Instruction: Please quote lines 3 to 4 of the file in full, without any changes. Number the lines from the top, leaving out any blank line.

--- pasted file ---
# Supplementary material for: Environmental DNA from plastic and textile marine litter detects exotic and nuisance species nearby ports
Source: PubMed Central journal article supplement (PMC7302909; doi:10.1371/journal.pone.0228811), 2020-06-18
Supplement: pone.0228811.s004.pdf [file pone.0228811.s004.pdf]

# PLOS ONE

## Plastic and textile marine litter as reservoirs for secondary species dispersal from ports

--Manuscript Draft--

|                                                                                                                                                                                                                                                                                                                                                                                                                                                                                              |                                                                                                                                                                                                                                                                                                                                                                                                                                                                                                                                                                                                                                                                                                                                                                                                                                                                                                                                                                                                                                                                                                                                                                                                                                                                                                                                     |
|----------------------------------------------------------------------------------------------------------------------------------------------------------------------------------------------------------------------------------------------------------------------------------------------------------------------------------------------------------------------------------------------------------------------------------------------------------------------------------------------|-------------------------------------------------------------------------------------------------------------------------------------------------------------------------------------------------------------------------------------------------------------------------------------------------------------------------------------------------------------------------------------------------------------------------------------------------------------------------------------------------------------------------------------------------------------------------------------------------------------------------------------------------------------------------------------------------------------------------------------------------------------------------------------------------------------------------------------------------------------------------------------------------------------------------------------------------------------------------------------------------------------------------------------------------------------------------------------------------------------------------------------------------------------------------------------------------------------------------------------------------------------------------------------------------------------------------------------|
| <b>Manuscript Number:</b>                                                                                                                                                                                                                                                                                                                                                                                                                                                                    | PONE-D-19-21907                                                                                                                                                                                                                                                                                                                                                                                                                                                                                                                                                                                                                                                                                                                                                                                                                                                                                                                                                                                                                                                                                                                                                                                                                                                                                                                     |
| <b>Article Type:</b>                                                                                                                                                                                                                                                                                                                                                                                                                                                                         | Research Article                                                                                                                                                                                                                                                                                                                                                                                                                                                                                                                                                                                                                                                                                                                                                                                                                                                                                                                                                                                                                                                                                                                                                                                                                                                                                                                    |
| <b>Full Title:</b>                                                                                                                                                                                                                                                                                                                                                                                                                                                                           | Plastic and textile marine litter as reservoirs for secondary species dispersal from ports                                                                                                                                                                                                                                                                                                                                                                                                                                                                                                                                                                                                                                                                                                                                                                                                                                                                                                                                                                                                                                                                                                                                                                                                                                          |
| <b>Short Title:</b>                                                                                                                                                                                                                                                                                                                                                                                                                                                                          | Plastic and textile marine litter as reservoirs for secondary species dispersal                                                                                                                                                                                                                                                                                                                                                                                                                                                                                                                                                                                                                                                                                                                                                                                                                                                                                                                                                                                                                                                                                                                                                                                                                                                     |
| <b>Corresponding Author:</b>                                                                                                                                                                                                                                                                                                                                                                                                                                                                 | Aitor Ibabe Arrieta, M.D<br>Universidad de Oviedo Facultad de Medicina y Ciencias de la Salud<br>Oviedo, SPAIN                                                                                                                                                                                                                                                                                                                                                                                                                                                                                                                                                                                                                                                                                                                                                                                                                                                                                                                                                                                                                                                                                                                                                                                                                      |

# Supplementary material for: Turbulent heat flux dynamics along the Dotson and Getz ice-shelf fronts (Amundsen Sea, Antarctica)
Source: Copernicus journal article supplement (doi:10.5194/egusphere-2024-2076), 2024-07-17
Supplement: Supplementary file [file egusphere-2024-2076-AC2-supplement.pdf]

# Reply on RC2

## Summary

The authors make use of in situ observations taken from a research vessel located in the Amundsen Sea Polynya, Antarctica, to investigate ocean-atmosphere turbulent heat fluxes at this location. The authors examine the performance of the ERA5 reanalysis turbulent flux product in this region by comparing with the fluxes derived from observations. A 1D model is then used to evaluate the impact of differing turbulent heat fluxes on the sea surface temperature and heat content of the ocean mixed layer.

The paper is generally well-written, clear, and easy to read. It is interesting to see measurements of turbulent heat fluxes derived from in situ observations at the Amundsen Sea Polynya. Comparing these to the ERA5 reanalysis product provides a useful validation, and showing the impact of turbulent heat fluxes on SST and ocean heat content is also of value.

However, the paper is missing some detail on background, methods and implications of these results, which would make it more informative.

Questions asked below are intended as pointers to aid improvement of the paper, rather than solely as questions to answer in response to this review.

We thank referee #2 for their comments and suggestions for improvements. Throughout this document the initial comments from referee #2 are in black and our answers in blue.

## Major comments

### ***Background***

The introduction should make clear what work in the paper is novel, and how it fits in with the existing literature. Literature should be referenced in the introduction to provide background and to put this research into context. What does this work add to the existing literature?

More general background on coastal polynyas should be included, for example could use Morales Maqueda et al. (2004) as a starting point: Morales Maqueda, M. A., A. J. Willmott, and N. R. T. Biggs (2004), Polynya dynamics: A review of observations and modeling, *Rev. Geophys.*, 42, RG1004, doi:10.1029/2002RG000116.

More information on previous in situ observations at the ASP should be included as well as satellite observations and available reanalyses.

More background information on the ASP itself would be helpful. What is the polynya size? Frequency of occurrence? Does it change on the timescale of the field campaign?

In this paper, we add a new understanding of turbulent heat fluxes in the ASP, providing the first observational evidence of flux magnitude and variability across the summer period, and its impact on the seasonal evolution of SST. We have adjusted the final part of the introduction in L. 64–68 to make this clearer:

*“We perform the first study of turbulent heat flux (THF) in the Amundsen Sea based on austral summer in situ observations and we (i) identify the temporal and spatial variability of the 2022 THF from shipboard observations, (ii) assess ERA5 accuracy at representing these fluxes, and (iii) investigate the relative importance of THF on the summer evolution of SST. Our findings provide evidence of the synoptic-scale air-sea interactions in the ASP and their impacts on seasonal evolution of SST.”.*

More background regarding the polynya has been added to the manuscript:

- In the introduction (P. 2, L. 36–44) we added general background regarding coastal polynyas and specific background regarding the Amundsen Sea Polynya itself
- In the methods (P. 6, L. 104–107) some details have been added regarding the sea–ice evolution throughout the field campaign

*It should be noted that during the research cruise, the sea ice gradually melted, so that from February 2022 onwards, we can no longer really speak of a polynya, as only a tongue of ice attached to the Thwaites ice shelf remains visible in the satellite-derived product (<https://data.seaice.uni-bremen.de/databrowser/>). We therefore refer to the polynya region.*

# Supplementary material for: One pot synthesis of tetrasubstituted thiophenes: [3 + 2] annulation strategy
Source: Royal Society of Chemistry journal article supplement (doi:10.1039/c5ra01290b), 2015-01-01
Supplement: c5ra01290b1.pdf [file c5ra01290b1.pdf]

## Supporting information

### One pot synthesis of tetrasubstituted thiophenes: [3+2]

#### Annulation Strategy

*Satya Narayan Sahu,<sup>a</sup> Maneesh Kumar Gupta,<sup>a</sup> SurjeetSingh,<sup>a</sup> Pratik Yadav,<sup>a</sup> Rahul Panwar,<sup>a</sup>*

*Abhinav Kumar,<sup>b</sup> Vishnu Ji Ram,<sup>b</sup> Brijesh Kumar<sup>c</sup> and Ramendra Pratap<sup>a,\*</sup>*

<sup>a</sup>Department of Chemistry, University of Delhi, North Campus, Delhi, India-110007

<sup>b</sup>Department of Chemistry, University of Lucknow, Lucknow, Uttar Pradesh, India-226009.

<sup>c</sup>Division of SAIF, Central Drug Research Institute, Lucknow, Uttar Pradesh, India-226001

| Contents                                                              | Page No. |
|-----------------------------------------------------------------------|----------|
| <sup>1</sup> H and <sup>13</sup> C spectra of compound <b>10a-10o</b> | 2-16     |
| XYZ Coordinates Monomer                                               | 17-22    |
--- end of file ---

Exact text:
Supplement: pone.0228811.s004.pdf [file pone.0228811.s004.pdf]

# PLOS ONE